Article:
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I’ve always been uncomfortable with the idea that something was “meant to be.”
It’s too fatalistic. A good excuse to not exercise your will.
Five years ago, we went to the SPCA to “pick out” a cat.
I went to one cage and spied this beautiful cat named Monica. Long grey hair with black stripes. Green eyes. Just a creature of beauty. This cat would look good sitting in our window. Or just sitting anywhere being a cat. I opened up the cage.
Monica rolled her green eyes at me.
I pulled her out of her cage. Asked her if she wanted to come home with us. She wouldn’t even look at me. She didn’t say a word; well they never do, but they get the message across loud and clear, and the message I was getting from Monica was familiar, one too many a male has been told across the species in oh so many ways, since the beginning of time ... I’m out of your league, honey.
Yeah, you might think you’re going into the SPCA for a cat, any cat. You’re going to pick a cat and put it in a carrier and pay the people for the neutering and the inoculations and that’s that. But cat acquisition doesn’t work like that at all.
There’s more to the universe than that, my friends.
I put her back, embarrassed.
I was turned down at the dance once again. Sent home to look in the mirror to try and get a realistic sense of where I stand on the scale of attractiveness. It’s hard for a person looking in the mirror to be objective. There should be no such thing in fact as mirrors. They just make a person try too hard to be somebody else who they wish they were. They should be reserved for shaving only.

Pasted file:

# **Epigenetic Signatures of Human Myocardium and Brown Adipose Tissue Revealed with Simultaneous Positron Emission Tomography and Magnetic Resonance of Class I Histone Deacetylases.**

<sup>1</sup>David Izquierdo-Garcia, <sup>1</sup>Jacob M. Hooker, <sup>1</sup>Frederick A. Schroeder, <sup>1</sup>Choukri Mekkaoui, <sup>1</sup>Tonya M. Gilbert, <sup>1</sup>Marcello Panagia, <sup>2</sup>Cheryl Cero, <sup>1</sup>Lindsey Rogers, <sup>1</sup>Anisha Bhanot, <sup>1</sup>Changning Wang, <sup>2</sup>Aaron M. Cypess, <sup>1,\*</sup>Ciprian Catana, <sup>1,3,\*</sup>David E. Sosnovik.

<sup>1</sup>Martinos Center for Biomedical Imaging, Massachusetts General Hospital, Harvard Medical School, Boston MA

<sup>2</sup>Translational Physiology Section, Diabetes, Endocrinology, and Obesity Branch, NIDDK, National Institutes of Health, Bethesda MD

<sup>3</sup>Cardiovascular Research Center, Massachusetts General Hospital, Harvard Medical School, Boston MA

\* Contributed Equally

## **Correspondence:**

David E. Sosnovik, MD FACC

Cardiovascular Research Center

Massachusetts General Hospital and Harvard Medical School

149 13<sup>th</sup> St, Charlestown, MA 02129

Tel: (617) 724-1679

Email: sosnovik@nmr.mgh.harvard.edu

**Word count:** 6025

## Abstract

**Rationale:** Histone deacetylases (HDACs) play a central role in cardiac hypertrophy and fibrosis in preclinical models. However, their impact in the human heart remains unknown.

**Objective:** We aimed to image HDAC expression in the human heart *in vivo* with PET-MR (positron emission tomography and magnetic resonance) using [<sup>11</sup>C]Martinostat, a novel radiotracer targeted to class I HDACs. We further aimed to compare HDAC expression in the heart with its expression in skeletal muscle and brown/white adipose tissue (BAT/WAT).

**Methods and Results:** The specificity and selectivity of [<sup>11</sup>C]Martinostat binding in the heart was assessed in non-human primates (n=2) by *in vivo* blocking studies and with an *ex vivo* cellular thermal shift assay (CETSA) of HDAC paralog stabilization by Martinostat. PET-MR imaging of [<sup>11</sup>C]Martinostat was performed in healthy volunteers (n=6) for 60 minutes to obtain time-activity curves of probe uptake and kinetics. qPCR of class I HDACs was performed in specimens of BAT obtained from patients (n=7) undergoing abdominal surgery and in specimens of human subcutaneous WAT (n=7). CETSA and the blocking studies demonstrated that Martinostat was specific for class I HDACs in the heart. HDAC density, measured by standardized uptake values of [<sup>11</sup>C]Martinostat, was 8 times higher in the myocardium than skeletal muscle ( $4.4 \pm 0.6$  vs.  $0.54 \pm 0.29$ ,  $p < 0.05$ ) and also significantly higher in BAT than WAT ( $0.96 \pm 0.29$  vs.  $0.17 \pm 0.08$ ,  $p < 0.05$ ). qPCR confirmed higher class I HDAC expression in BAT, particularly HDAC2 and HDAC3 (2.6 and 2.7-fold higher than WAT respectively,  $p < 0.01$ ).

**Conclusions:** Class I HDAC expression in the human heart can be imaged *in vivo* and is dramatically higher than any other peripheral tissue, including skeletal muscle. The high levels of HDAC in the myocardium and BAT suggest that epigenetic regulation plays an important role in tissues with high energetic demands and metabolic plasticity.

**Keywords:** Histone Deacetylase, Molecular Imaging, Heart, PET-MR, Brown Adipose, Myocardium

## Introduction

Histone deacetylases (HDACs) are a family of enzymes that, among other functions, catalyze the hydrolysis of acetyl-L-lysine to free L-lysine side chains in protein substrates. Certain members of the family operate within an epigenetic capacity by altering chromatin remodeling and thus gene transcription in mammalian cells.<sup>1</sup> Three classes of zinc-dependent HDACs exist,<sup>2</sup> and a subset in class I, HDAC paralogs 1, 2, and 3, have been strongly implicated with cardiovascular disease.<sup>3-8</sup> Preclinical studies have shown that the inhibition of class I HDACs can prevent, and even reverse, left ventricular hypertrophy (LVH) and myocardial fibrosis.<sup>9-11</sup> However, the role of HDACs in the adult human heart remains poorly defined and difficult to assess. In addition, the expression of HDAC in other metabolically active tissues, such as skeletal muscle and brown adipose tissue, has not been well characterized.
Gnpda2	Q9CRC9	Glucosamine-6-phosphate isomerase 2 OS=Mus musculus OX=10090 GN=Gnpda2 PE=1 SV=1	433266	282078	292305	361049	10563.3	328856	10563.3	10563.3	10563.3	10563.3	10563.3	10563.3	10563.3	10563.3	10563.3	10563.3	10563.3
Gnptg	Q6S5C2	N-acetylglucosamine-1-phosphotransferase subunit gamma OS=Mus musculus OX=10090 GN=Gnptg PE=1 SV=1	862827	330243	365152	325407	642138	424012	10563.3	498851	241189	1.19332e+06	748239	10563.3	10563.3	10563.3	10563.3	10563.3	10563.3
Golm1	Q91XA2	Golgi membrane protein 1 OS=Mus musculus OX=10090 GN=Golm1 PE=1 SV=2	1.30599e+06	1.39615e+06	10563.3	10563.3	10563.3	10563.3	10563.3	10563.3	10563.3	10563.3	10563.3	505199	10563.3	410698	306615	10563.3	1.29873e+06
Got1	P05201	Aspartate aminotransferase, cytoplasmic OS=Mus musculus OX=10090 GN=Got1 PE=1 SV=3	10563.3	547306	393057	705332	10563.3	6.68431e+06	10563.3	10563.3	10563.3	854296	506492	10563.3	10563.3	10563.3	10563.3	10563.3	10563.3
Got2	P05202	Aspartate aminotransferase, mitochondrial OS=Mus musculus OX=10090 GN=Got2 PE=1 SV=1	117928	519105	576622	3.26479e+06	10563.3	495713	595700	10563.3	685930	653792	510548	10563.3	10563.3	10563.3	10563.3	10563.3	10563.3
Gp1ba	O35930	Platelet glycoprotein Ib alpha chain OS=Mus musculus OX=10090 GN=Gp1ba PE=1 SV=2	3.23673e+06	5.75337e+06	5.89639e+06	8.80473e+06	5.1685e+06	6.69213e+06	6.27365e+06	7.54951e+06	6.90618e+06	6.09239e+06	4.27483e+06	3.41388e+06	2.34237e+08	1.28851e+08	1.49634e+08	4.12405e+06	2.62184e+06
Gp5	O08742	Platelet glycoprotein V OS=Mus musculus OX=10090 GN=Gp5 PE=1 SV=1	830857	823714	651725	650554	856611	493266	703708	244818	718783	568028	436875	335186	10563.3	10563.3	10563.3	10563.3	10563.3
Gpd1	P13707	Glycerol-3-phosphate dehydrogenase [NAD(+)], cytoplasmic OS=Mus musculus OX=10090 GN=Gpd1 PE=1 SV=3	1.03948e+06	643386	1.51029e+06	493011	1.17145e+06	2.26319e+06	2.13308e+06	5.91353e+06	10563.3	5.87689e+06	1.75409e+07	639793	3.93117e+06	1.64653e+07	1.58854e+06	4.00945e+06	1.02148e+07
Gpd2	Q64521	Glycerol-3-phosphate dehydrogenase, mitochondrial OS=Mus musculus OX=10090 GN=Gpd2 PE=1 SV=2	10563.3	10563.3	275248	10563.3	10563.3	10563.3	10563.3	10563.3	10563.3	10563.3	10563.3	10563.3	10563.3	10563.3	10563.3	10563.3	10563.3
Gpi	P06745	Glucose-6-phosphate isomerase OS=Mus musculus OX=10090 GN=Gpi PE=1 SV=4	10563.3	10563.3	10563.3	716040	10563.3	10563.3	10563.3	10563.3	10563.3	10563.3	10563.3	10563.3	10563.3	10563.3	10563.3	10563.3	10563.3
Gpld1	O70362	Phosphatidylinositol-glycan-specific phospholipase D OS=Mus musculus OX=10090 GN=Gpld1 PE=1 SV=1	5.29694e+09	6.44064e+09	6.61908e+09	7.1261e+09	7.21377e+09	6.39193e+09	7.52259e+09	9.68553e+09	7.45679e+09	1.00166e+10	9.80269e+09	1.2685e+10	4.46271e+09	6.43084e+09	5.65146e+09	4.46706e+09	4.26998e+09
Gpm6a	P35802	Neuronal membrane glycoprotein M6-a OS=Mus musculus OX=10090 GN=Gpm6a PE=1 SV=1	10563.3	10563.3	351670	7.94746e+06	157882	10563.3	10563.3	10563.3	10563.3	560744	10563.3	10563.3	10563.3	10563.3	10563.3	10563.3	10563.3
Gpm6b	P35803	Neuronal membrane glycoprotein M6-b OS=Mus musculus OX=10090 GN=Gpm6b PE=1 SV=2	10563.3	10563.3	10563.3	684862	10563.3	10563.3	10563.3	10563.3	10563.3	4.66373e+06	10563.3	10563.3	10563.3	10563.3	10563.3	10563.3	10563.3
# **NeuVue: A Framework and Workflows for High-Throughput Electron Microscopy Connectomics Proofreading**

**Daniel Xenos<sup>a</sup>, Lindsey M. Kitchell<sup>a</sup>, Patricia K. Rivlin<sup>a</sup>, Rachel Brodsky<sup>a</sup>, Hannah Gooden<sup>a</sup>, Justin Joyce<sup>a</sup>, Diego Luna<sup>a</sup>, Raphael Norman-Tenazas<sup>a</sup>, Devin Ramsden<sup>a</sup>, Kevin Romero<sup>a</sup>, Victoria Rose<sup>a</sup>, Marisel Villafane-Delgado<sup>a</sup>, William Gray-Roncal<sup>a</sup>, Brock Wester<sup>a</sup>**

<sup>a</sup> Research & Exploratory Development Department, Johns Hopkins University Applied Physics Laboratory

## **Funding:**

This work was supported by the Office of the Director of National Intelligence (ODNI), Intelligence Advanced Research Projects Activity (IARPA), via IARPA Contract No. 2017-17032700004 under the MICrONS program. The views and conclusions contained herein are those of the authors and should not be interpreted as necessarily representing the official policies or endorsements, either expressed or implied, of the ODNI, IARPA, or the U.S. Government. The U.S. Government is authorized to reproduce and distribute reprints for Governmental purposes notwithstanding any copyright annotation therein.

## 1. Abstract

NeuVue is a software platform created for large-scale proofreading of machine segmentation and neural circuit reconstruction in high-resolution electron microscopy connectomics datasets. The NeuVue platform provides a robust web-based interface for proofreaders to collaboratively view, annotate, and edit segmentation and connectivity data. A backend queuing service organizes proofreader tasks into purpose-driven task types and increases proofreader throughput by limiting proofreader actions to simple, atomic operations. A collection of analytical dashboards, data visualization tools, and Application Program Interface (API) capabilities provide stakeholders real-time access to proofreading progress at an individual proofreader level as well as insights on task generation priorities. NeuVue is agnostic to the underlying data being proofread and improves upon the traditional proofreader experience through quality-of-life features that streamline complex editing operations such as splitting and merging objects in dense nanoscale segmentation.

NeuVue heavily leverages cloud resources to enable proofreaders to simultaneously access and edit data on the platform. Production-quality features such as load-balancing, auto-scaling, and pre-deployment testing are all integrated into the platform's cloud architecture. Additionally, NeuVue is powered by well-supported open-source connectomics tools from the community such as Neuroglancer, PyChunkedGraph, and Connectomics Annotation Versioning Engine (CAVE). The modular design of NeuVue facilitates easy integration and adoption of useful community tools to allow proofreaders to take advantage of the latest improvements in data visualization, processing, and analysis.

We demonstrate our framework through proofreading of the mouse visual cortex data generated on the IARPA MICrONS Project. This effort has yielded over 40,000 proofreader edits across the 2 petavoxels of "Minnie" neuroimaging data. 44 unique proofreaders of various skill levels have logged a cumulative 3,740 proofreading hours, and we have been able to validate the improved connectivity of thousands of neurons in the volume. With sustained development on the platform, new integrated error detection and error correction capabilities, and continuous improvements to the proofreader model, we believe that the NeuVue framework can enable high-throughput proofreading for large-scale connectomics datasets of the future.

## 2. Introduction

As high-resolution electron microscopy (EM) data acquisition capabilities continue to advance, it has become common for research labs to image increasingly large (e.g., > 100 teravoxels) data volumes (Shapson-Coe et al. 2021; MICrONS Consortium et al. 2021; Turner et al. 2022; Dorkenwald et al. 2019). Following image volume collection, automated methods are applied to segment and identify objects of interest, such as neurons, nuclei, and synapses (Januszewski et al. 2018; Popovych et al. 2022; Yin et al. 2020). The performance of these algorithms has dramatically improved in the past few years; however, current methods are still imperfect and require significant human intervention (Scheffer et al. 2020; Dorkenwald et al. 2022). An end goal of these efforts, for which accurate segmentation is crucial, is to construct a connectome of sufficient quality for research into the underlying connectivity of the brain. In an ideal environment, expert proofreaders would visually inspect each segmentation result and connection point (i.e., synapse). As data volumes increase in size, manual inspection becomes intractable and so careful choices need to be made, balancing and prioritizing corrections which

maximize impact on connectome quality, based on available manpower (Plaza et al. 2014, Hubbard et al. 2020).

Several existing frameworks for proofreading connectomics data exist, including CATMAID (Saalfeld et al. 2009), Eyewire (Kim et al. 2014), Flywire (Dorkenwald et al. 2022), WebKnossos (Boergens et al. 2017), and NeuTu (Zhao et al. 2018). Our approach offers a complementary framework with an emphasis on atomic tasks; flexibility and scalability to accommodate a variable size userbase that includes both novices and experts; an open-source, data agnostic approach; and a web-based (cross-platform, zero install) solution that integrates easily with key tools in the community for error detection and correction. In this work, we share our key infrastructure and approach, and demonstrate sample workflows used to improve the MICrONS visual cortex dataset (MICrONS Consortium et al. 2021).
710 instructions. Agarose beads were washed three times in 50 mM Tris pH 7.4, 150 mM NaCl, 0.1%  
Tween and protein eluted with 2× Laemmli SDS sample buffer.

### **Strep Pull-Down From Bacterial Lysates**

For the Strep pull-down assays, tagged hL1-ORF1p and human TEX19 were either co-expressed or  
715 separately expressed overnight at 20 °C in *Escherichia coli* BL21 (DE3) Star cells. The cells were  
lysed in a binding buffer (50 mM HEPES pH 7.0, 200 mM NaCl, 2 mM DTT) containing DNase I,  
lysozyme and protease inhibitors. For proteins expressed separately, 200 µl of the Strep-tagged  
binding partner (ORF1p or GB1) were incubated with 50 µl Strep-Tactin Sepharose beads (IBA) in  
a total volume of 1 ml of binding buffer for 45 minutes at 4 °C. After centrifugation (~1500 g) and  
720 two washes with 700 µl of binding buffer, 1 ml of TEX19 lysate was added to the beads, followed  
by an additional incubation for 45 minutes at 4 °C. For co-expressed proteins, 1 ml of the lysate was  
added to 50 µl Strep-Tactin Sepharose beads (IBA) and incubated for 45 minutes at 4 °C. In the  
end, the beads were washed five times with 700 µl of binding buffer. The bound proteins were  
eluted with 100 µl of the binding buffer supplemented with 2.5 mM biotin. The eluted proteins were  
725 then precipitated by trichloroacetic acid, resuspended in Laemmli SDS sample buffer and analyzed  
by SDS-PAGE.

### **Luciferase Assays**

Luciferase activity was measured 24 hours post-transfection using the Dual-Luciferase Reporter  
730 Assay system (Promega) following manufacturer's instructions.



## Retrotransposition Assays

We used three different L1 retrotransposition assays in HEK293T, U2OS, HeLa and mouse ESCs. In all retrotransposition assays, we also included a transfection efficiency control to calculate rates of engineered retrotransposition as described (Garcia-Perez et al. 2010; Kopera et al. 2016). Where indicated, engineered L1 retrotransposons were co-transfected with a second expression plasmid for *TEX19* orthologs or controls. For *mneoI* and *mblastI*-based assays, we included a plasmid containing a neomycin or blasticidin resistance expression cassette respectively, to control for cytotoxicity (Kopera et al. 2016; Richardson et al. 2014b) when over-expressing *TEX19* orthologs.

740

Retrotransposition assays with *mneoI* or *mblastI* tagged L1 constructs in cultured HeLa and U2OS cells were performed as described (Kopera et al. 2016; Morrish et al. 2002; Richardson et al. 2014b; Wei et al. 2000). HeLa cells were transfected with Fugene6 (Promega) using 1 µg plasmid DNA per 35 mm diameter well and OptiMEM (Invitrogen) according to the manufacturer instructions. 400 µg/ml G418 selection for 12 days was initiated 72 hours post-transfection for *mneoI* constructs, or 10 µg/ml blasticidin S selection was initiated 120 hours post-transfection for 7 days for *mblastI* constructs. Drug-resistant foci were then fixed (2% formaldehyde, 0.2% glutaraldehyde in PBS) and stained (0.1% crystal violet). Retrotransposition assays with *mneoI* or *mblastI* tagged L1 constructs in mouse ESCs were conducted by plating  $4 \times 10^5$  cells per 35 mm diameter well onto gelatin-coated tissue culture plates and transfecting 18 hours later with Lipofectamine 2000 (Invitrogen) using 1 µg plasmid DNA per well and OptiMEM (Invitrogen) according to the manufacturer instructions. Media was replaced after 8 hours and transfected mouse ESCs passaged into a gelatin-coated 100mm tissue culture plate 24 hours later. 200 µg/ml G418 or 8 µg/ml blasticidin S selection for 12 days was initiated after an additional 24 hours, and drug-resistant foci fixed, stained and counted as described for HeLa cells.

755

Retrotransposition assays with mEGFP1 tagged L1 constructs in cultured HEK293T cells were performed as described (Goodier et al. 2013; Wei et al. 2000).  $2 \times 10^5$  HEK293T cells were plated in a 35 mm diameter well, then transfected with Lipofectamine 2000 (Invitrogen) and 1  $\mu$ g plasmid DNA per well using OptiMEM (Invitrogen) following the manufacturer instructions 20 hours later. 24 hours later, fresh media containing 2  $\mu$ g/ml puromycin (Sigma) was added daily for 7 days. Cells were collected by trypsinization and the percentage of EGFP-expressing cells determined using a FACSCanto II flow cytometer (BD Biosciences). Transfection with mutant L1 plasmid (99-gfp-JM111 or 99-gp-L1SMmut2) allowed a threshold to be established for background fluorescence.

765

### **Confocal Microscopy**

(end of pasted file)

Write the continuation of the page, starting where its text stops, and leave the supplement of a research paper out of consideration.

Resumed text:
I think I’m a pretty good looking guy on the whole. Not bad. Average. Not handsome, OK. But what I lack in looks I make up for in character. Not that I have great character. More like I am one. At least I used to be. And gorgeous felines it seems don’t like characters with an S.
The temperature dropped in that particular room at that point. All the other cats caught the stink from me, that unlucky-in-love stink; it wasn’t really my fault. It was just fate. And nobody wants to pity somebody. Nobody wants to go home with somebody out of pity. So, they too turned away, spun around in ever tightening circles down and down into so many little balls with their back to me and their tail wrapped around them. The whole room.
But there was another room.
Michelle was in there poking at one with her finger, trying to get a spark out of it, but it was just standing at the back of the cage washing. I made to cross the room, but then I felt a tug. This little short-haired black and white tuxedo cat got a paw through the bars of its cage and hooked a claw into my shirt sleeve. When I stopped and pulled him free he got the two paws out. Hey! Hey! Where do you think you’re going?”
I unsnagged him and went over to talk to Michelle.
No problem. The cat was having none of this rejection. When we went to get a volunteer, again this little cat started with the paws out of the cage, grabbing. And yet again, when we came back in with the volunteer.
And to make a long story short, there he is in my chair now. Getting the royal treatment every day. Whatever chair he wants he gets. Like it was meant to be.
I don’t know about fate. It’s too intangible.
But I do know one thing ...
The squeaky wheel gets the grease.
Mike Finigan, originally from Glace Bay, is a freelance writer now living in Sydney River.